• RevenueHits — This is actually an advertiser that prides itself on performance, which is really rare in the ad network space. They also have a massive inventory and no minimum traffic requirements.
  • Doubleclick for Publishers (DFP) — This is another Google product. Still, it’s different than Adsense in that it’s the actual server platform itself. There are some minimum requirements for using DFP, and to maximize your revenue, you’ll want to hire someone to set this up and manage it for you. From a performance standpoint, it’s as rock-solid as they come.

Even this list of trusted sources can slip up from time to time, so if you’re not comfortable evaluating ads on a somewhat regular basis on your own, definitely reach out to professionals who can manage your ads and who can audit your ad setup from time to time.

9. Diversify income streams

The last option to help reduce the performance impact of ads on your website is to start moving away from them. Or, at the very least, to start introducing new revenue streams to help subsidize what you’re earning from ads. Some top-rated models that we’ve seen work well for our customers are

  • Affiliate Marketing. This is our favorite alternative to display advertising, as it works 24/7 and makes the reading experience better for the community. Affiliate marketing involves using outbound links on your website with a built-in referral code, so you get a bonus if a reader purchases a service or product on another website.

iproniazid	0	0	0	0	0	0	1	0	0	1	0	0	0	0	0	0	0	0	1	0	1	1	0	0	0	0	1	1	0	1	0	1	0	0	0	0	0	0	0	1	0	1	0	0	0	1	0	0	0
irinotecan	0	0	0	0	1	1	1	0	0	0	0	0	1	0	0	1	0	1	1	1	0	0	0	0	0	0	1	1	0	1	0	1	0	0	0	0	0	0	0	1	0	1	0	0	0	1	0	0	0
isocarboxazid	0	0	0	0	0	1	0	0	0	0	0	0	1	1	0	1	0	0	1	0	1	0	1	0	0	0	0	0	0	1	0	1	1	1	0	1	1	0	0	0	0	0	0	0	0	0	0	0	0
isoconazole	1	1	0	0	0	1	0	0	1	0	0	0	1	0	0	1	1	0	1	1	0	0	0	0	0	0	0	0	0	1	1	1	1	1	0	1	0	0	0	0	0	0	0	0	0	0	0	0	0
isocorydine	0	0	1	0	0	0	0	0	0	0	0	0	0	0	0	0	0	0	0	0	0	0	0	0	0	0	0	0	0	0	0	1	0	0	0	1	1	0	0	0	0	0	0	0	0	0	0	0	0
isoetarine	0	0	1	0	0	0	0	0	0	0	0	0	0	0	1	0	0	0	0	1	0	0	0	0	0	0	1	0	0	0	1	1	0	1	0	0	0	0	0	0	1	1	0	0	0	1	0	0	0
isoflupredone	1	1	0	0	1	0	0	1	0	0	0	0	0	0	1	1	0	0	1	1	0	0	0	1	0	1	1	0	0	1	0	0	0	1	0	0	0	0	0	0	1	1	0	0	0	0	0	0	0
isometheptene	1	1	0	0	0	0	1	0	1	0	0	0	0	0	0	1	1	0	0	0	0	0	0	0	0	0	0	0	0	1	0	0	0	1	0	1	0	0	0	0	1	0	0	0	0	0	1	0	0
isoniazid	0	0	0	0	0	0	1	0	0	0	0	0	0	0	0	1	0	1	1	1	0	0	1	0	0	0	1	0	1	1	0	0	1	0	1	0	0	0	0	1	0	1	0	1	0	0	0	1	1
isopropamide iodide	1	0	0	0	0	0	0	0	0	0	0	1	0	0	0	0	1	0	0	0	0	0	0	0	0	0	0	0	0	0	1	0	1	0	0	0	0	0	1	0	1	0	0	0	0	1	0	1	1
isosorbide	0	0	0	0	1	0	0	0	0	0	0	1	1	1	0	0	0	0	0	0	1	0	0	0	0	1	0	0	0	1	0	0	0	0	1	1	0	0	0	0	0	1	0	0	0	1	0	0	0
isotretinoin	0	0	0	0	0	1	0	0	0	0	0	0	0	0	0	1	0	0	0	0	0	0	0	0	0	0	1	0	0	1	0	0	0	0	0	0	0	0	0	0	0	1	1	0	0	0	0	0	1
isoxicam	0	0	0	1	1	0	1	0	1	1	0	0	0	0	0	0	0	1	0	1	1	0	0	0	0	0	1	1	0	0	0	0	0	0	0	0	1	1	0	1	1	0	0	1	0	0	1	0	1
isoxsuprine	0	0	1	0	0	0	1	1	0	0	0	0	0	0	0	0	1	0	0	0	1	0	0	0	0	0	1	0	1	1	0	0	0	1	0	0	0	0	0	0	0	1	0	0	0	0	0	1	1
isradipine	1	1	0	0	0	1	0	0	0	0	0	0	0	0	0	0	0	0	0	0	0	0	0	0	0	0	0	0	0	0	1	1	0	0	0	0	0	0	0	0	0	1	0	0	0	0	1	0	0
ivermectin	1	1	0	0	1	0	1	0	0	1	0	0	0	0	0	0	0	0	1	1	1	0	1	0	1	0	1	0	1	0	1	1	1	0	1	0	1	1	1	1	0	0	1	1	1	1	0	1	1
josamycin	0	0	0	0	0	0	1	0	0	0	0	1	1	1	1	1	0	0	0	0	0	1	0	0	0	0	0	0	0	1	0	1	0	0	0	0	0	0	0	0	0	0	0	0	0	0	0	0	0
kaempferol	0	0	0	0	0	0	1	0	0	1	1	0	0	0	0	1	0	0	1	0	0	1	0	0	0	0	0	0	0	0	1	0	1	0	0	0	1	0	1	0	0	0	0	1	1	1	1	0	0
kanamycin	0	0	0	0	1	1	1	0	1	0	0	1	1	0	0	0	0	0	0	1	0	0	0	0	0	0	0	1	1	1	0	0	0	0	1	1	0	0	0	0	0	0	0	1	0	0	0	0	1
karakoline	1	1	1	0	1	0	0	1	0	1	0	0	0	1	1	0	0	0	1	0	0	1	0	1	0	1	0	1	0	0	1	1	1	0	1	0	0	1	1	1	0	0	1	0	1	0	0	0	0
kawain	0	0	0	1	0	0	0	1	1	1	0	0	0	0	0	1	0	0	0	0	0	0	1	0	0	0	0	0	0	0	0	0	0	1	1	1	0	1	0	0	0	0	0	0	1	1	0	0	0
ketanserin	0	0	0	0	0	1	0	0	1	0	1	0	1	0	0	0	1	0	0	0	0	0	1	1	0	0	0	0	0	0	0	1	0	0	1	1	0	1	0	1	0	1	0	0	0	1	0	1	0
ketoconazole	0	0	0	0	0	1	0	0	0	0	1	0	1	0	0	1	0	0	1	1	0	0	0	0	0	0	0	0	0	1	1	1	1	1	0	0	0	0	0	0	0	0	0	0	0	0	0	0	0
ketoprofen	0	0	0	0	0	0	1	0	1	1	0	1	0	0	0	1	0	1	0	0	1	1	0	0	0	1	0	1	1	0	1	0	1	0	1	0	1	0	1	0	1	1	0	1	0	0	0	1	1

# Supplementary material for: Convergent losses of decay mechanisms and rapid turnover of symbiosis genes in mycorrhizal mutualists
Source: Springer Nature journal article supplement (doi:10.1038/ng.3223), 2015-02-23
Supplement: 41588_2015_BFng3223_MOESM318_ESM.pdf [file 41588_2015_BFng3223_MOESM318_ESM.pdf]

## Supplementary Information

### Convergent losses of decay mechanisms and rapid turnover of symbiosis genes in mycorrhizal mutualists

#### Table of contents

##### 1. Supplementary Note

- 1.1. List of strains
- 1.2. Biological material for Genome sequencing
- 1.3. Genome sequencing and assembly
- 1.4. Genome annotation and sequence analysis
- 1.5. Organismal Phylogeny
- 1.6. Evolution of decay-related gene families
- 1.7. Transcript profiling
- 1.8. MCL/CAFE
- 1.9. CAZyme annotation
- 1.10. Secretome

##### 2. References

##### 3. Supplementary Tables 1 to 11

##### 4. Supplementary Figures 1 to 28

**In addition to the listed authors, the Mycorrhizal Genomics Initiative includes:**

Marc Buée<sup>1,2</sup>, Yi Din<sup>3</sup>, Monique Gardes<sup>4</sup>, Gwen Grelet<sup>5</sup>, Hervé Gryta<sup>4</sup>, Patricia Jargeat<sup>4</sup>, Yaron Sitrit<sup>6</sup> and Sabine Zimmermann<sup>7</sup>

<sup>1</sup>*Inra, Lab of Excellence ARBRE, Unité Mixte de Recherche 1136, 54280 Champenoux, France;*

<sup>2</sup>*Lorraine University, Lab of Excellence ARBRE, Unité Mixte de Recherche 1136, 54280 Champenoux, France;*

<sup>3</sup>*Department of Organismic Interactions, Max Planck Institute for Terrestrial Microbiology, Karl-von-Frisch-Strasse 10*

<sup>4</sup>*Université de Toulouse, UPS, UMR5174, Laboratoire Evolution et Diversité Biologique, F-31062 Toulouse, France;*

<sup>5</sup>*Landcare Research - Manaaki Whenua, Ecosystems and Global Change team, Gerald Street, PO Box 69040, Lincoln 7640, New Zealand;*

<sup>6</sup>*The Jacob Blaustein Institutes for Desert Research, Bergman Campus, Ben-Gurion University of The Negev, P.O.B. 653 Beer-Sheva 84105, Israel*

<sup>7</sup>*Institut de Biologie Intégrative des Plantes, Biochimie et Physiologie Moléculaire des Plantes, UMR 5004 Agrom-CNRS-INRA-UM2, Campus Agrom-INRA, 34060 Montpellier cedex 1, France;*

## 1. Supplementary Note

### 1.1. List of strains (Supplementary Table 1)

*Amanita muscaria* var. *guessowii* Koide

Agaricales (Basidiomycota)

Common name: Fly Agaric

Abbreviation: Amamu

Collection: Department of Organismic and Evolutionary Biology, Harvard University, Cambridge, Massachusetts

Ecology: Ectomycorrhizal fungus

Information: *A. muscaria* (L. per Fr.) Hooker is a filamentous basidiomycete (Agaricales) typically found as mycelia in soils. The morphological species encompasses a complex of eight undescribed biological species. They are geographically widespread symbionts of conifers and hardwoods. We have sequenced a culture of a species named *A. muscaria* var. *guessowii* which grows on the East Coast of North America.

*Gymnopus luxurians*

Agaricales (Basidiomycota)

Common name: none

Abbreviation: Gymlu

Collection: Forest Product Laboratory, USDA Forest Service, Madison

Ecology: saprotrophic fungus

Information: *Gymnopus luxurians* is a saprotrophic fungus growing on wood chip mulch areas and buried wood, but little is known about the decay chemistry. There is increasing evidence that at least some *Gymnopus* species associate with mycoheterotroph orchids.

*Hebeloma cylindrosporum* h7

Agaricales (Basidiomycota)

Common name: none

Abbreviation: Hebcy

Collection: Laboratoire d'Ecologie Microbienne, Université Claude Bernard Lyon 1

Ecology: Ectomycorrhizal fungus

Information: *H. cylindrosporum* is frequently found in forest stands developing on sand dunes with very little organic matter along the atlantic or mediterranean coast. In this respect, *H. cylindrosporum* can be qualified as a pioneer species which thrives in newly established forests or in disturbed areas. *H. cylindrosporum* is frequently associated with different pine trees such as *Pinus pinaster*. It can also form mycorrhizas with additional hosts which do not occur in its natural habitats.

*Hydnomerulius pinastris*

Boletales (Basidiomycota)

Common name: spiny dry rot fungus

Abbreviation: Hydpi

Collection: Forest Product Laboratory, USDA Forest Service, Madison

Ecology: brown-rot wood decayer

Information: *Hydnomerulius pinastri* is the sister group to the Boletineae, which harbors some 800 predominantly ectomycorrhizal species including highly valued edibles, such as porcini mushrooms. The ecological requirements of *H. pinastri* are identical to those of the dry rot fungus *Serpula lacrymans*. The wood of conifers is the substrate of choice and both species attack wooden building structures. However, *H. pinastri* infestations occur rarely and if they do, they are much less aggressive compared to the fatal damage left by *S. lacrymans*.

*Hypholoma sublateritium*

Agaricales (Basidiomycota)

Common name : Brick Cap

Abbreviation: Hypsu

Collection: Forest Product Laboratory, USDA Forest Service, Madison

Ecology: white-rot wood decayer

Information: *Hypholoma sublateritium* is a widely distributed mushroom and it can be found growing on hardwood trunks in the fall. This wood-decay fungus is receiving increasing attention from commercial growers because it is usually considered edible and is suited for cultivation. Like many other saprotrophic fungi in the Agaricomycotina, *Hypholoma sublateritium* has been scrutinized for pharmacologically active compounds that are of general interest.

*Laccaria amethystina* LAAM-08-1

• Digital products. Create your own guide or handbook that brings a ton of value to your readers, and sell it for a small fee. You could publish your first book or release your first single if you’re a musician. You can start selling more easily than you think using GumRoad or a WordPress plugin like Easy Digital Downloads.
  • Services. Do you have an awesome service that you can sell to your readership and community? It might be work looking at how to best provide that in a way that makes sense. Of course, it’s not quite as attractive because you end up trading time directly for money, but it’s definitely something to consider if it pays the bills.

Finally, say no to slow websites

I want to wrap this article up by challenging you to run your website through some of the aforementioned tools. How do things look? Are ads killing your site? How many HTTP requests are coming from servers other than your own? If things look grim, it’s time to start putting together a plan for keeping those page load times in check.

Figuring out a way to increase your bottom line, expand your reach, and doing it all in a way that keeps your readers happy is definitely possible, but I’m not going to lie to you and tell you that it’s easy. It’s a lot of hard work!

A fast load time has always been a crucial aspect of the user experience on a website. With page experience now one of Google’s new ranking algorithm signals, page speed has become essential for ranking. Bad ad practices could deter users from visiting your site.

If you’d like our team to do a quick analysis to check your site speed and confirm if you need any fixes on your site, click here for a FREE Core Web Vitals assessment today!